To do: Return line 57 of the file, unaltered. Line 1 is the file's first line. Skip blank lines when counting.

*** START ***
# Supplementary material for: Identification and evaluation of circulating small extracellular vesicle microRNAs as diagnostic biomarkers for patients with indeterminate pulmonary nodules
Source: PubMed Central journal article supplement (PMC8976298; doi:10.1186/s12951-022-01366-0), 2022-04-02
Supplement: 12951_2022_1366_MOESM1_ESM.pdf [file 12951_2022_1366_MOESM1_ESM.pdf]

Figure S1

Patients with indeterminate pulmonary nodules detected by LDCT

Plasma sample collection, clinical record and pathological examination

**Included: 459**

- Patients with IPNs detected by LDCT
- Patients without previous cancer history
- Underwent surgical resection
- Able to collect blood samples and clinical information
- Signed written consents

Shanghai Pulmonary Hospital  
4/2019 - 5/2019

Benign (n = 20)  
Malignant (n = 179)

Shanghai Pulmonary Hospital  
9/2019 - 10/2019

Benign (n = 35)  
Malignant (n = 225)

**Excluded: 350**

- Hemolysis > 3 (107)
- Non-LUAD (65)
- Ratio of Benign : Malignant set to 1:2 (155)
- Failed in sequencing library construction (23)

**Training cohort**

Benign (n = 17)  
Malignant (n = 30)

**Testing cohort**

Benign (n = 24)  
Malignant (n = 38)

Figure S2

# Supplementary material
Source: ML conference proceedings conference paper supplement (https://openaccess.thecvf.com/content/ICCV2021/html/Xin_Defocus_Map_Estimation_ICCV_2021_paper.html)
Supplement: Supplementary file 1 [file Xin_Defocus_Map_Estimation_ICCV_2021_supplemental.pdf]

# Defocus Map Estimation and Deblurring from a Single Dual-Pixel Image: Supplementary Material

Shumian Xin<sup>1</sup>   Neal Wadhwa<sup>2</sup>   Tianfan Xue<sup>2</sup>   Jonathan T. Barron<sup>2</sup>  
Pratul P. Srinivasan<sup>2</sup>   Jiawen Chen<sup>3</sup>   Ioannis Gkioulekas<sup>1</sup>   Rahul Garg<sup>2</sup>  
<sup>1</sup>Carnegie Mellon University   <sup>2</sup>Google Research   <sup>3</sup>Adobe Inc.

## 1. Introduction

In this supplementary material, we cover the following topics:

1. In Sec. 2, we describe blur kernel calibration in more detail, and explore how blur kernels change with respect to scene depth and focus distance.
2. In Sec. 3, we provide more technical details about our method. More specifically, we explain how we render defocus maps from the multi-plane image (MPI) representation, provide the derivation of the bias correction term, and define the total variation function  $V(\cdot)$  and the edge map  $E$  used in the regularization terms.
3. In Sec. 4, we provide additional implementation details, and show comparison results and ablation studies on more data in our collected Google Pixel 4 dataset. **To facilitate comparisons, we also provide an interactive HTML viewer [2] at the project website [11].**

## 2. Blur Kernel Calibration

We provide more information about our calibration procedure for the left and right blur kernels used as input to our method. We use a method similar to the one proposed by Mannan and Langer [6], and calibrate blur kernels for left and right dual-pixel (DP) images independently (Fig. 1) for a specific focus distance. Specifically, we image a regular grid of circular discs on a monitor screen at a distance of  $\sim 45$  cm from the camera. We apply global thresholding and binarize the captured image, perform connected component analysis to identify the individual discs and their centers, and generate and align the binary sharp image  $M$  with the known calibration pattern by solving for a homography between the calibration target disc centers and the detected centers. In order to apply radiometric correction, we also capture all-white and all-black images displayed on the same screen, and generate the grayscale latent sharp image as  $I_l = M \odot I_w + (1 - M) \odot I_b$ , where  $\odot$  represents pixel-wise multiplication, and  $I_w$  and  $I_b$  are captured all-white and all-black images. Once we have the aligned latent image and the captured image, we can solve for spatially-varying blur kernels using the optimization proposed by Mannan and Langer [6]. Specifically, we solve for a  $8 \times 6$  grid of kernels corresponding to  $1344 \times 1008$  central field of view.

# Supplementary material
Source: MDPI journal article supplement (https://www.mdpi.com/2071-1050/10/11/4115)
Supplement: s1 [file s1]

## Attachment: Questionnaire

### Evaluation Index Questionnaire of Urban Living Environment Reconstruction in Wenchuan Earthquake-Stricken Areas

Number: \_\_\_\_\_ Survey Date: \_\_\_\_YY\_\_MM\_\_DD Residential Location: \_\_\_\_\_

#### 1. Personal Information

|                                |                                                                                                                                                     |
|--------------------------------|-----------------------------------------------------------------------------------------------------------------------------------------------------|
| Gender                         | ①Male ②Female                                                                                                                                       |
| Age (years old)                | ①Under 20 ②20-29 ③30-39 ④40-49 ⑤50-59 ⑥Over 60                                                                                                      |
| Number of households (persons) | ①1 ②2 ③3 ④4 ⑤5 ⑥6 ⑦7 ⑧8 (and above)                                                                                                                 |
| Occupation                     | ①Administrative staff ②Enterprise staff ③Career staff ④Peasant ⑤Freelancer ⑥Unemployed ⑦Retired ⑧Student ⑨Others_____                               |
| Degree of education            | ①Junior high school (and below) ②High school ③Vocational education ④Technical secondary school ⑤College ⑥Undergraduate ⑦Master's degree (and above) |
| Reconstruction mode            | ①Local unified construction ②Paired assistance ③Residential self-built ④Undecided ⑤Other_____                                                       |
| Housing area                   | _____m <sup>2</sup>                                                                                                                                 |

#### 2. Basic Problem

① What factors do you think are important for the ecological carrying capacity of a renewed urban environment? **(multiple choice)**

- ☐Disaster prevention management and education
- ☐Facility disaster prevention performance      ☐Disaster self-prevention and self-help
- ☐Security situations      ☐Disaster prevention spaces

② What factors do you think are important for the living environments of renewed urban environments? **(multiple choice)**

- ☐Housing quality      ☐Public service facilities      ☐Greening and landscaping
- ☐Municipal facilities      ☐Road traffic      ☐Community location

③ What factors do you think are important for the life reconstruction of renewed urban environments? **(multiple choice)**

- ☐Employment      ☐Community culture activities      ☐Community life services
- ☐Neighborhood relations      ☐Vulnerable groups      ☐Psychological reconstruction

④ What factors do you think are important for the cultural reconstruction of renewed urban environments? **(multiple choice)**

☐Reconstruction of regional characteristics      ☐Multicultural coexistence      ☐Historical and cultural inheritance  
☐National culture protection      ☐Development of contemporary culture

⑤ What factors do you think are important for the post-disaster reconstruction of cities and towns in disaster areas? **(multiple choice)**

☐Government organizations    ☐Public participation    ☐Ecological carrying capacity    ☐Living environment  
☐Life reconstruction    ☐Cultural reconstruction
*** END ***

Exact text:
| Age (years old)                | ①Under 20 ②20-29 ③30-39 ④40-49 ⑤50-59 ⑥Over 60                                                                                                      |